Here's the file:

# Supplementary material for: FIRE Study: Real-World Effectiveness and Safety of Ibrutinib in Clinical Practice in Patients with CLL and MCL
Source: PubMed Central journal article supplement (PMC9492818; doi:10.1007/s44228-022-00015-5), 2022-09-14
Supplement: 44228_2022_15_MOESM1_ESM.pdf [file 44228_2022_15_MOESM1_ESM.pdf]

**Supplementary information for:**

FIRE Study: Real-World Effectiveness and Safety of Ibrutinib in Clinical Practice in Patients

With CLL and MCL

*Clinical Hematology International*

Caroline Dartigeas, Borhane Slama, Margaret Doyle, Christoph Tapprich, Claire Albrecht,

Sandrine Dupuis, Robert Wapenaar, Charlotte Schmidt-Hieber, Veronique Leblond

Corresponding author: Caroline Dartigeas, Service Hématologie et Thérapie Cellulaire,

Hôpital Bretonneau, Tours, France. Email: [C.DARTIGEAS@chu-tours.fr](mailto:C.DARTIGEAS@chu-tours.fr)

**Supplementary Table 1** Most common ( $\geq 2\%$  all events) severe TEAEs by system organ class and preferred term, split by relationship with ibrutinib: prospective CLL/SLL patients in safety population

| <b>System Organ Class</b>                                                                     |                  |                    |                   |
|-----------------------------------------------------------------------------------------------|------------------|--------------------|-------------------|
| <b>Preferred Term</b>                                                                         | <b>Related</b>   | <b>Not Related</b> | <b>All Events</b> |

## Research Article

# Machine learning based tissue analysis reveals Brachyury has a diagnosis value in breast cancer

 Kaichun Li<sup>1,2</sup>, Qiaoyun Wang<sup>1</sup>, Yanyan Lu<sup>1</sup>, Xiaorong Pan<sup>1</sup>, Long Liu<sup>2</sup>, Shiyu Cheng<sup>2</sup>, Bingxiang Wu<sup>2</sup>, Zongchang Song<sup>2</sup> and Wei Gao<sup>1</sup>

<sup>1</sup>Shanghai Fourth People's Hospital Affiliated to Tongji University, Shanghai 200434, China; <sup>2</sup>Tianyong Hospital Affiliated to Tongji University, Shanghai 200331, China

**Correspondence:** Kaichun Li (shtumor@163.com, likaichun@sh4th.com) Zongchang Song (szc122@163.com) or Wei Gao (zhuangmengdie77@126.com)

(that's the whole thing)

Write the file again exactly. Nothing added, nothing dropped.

# Supplementary material for: FIRE Study: Real-World Effectiveness and Safety of Ibrutinib in Clinical Practice in Patients with CLL and MCL
Source: PubMed Central journal article supplement (PMC9492818; doi:10.1007/s44228-022-00015-5), 2022-09-14
Supplement: 44228_2022_15_MOESM1_ESM.pdf [file 44228_2022_15_MOESM1_ESM.pdf]

**Supplementary information for:**

FIRE Study: Real-World Effectiveness and Safety of Ibrutinib in Clinical Practice in Patients

With CLL and MCL

*Clinical Hematology International*

Caroline Dartigeas, Borhane Slama, Margaret Doyle, Christoph Tapprich, Claire Albrecht,

Sandrine Dupuis, Robert Wapenaar, Charlotte Schmidt-Hieber, Veronique Leblond

Corresponding author: Caroline Dartigeas, Service Hématologie et Thérapie Cellulaire,

Hôpital Bretonneau, Tours, France. Email: [C.DARTIGEAS@chu-tours.fr](mailto:C.DARTIGEAS@chu-tours.fr)

**Supplementary Table 1** Most common ( $\geq 2\%$  all events) severe TEAEs by system organ class and preferred term, split by relationship with ibrutinib: prospective CLL/SLL patients in safety population

| <b>System Organ Class</b>                                                                     |                  |                    |                   |
|-----------------------------------------------------------------------------------------------|------------------|--------------------|-------------------|
| <b>Preferred Term</b>                                                                         | <b>Related</b>   | <b>Not Related</b> | <b>All Events</b> |

## Research Article

# Machine learning based tissue analysis reveals Brachyury has a diagnosis value in breast cancer

 Kaichun Li<sup>1,2</sup>, Qiaoyun Wang<sup>1</sup>, Yanyan Lu<sup>1</sup>, Xiaorong Pan<sup>1</sup>, Long Liu<sup>2</sup>, Shiyu Cheng<sup>2</sup>, Bingxiang Wu<sup>2</sup>, Zongchang Song<sup>2</sup> and Wei Gao<sup>1</sup>

<sup>1</sup>Shanghai Fourth People's Hospital Affiliated to Tongji University, Shanghai 200434, China; <sup>2</sup>Tianyong Hospital Affiliated to Tongji University, Shanghai 200331, China

**Correspondence:** Kaichun Li (shtumor@163.com, likaichun@sh4th.com) Zongchang Song (szc122@163.com) or Wei Gao (zhuangmengdie77@126.com)